Modernism–has never ceased. Unlike colonized countries in Asia, foreign influences
could be assimilated and “Japanized” over long periods of time and at the will
of the nation. Of course, geographic conditions play an important role. Taking
such issues into account, I would like to discuss the uniqueness of the Japanese
culture from the point of view of language, landscape, and gathering.
It can be
said that language is the most powerful cultural asset. Both directly
andindirectly, language influences the thoughts and feelingsof those who use
it.From ancient times, a variety of languages have existed in Japan. Ever since
the Chinesescript (ideograms known as kanji)was imported, anotheralphabet
(known as kana) wasadded to give phonetic expression tokanji.
words were introduced from the West once Japan began to modernize in the mid-19thcentury,
after a long period of relative isolation. Under renewed pressure to ‘Japanize’
the language, abstract ideas were formulated inkanji while emotional
expressions were phrased inkana. To this day, the two have been used together,incorporated
intothe spoken and written languages to form one of the most unique linguistic
structures. This may account in large measure for the dominant positionenjoyed
internationally by Japanese manga and anime.
thought process of design involves an incessant feedback loop between the rational
and emotional compartments of the architects’mind. While Japanese architecture
had made great strides in emulatingthe West,thisdual thought process has shaped
the uniqueness of Japanese architecture since JunzoSakakura’s Japan Pavilion in
the Paris Expo of 1937.
Nature and Landscape
islands of Japan stretch north and south for 1000 km, with its center being occupied by
mountain ranges. Being surrounded by the ocean and filled with
mountains,the landscape is bestowed with a wealth of natural resources. The
general storage of space and the lack of plateaus and desert shave created a
landscape in which residential and agricultural zones occupy most of the land up
to the foot of the mountains.As general rainfall is high and temperature levels
are mild, an abundance of forests with a rich variety of plants and trees could
be found. On the other hand, the threat of earthquakes has restricted the amount
of masonry constructions. Rather than brick or stone,almost all buildings are
therefore made of wood.Within the otherwise tranquil environment, buildings,
villages, and cities have been designed to coexist with, rather than confront, nature.
With the exceptions of a few castles, Japanese architecture tends to emphasize
the room, with all its sliding screens and panels, acquires a level of spatial freedom
from the ingrained genetics that enables many different uses. The whole does not
dominate the part, but the combination of parts constitutes the whole. This
breeds unique spatial aesthetics based on asymmetry and the concept of ma– the
space in between.
the practical limitation of space has encouraged its perceptual enlargement, accomplished
by means of spatial layering to amplify the sense of depth; something that has
been further enriched by including elements of the landscape, like shrubbery and
trees, as additional layers. This kind of multi-layered system
emphasizesen closure, which explains the tendency to endow space with a
centripetal rather than acentrifugal order. Characterized by ma and oku,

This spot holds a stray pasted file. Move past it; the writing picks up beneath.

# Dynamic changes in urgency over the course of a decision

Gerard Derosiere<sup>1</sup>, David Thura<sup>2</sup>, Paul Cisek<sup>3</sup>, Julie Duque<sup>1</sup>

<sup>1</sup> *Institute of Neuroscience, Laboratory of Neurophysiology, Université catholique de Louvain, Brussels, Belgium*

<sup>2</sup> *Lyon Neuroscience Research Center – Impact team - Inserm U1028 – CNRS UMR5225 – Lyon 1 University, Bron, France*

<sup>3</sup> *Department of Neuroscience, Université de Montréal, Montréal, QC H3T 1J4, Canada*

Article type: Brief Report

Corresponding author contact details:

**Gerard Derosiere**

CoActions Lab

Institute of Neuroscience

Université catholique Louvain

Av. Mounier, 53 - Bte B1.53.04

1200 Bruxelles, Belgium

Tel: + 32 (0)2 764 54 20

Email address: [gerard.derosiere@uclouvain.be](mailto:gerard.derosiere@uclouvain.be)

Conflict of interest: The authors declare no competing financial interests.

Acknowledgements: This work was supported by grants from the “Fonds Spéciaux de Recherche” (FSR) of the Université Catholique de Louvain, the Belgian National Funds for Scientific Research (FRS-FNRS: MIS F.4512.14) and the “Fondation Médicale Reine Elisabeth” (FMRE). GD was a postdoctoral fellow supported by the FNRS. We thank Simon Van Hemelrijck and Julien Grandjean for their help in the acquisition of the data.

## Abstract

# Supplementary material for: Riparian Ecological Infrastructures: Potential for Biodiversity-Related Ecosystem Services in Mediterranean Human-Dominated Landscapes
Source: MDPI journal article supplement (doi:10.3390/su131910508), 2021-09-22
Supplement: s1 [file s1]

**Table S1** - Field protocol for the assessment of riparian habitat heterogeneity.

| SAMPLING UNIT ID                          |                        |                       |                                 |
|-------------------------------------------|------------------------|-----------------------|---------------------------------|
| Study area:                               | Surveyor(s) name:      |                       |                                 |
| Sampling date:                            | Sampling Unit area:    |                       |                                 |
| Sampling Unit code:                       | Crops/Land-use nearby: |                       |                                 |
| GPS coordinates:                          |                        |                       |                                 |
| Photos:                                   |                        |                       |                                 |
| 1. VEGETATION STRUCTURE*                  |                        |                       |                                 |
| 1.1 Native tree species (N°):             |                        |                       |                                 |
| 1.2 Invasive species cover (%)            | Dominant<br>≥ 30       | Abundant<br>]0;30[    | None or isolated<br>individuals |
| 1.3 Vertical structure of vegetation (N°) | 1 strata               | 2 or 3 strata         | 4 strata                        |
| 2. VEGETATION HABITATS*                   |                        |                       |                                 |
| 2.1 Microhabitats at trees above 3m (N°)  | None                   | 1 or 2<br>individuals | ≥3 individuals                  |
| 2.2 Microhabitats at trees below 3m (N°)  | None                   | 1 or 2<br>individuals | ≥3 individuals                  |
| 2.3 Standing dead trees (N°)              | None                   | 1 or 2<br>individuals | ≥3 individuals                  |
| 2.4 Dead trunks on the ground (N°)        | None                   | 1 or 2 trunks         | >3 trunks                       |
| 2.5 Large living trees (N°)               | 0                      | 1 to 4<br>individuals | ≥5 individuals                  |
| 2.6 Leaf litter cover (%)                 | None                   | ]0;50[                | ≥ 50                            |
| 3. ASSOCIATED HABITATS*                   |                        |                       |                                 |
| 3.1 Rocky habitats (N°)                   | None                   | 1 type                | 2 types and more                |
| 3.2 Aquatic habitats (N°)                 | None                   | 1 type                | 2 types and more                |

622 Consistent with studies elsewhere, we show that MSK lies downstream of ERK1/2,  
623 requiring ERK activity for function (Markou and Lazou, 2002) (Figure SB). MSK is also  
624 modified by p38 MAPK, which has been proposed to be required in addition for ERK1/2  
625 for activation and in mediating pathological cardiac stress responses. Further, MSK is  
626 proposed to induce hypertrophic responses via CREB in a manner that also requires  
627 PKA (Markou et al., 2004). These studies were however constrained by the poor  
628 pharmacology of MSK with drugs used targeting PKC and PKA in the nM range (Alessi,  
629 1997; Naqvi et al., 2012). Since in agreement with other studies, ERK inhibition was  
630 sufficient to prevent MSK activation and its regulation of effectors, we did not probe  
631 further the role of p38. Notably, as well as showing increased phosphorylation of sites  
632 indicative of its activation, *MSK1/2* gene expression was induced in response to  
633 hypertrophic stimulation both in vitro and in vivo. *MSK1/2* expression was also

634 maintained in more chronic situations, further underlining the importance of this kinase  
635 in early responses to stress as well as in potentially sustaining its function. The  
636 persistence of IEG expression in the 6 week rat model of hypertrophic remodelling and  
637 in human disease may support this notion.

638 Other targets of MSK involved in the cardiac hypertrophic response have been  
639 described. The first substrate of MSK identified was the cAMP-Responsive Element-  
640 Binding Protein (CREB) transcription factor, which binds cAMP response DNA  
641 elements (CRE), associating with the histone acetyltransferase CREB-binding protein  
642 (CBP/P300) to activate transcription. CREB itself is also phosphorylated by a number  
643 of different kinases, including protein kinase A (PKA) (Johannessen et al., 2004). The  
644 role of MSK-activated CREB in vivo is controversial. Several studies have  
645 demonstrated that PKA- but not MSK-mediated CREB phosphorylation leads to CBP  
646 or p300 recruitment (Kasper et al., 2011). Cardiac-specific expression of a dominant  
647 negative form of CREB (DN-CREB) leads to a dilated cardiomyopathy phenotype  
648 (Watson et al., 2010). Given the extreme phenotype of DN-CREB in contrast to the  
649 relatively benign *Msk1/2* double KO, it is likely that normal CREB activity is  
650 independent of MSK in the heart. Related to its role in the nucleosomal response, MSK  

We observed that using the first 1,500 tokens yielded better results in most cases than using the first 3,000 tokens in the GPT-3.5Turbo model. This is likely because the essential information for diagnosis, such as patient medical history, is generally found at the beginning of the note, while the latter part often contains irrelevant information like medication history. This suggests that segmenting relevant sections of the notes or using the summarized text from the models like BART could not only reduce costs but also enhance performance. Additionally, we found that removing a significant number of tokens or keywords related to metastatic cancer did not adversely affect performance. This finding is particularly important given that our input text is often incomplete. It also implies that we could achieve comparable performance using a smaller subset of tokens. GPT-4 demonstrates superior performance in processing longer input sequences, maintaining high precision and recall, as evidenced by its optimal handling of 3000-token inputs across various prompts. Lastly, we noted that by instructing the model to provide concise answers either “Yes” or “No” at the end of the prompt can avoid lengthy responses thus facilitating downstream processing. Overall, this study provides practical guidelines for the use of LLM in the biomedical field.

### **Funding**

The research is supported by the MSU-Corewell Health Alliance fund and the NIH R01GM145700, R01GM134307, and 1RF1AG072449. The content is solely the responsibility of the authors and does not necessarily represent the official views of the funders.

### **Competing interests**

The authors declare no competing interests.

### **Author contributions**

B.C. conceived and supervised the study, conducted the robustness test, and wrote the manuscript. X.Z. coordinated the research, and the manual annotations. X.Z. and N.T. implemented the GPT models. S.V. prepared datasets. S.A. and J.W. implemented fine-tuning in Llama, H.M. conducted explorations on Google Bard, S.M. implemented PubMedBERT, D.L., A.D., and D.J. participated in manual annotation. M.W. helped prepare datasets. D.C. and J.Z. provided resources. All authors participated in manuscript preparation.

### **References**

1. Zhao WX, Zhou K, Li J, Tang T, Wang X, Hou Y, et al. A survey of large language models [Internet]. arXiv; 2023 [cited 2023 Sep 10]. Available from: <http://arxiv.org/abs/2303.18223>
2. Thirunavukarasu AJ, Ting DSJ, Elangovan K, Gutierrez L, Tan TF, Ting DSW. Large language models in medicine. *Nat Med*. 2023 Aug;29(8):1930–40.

Japanese tradition is better under stood through such spatial qualities rather
than material forms.In this way, the motivation to seek a harmonious relationship
with nature has always been strong in the city and its architecture.
period was a feudal society in which social status strictly determined
one’s domicile and privileges. In such a rigid society, the only areas of public
gathering were places well-known for their scenic beauty, and often included the
precinct of temple sand shrines. While few such places remain as parks, most of
them have vanished with the modernization of the country. In its place, train
stations and their surrounding shave become centers of gathering in large cities
like Tokyo. As mentioned earlier, it was not possible to modernize the Japanese
city by mimicking its European counterpart due to the importance of coexisting
with nature. The rail system, however, suited the organic structure of the
Today the private suburban lines, the central subway system, and
the originally public JR lines have merged to create a vast rail network that
lacks comparison in other metropolises of the world. In biological terms,its
speed, precision, cleanliness, and reliability is analogous to the body’s
circulatory system, while its nodes represent the organs. Furthermore, the
expression of the rail terminal takes on a wide variety of architectural styles,
being neo-classic, modern,post-modern, and neo-modern, and mega structural. The
stations become vital centers of activity, attracting and nourishing diverse
urban functions in its surroundings. As such, it could be said that the station
has become the new public space of the city. It is important to recognize that
there exists a strong social force that supersedes the will of the individual
architect. Socialization of this kind has generated a unique quality to the built
characterizes the modernism of the 21st century is that it has lost
its initial objectives, principles, and styles, dissolving into a large pool of
information. Architects are no longer passengers on a big ship but are left
wandering on the open seas. Of course individual architects each have their own
objectives, principles, and styles. But in the open sea, one must know what to
hold on to and what to swim toward. In thinking about the future of architecture
in a context where all things are becoming relative, it is important
to reevaluate the qualities of the local culture.
Time and Architecture
offers a fertile ground for personal memories and experiences.
Time is a
mediator city and architecture.
the final judge of architecture.
Space and Architecture
no differentiation between interior and exterior.
accommodates a given function and generates new uses.
form, fosters delight (venustas) for people.
This material was presented by Fumihiko Maki at 15thArcasia
Congress 2012, Nusa dua, Bali, Indonesia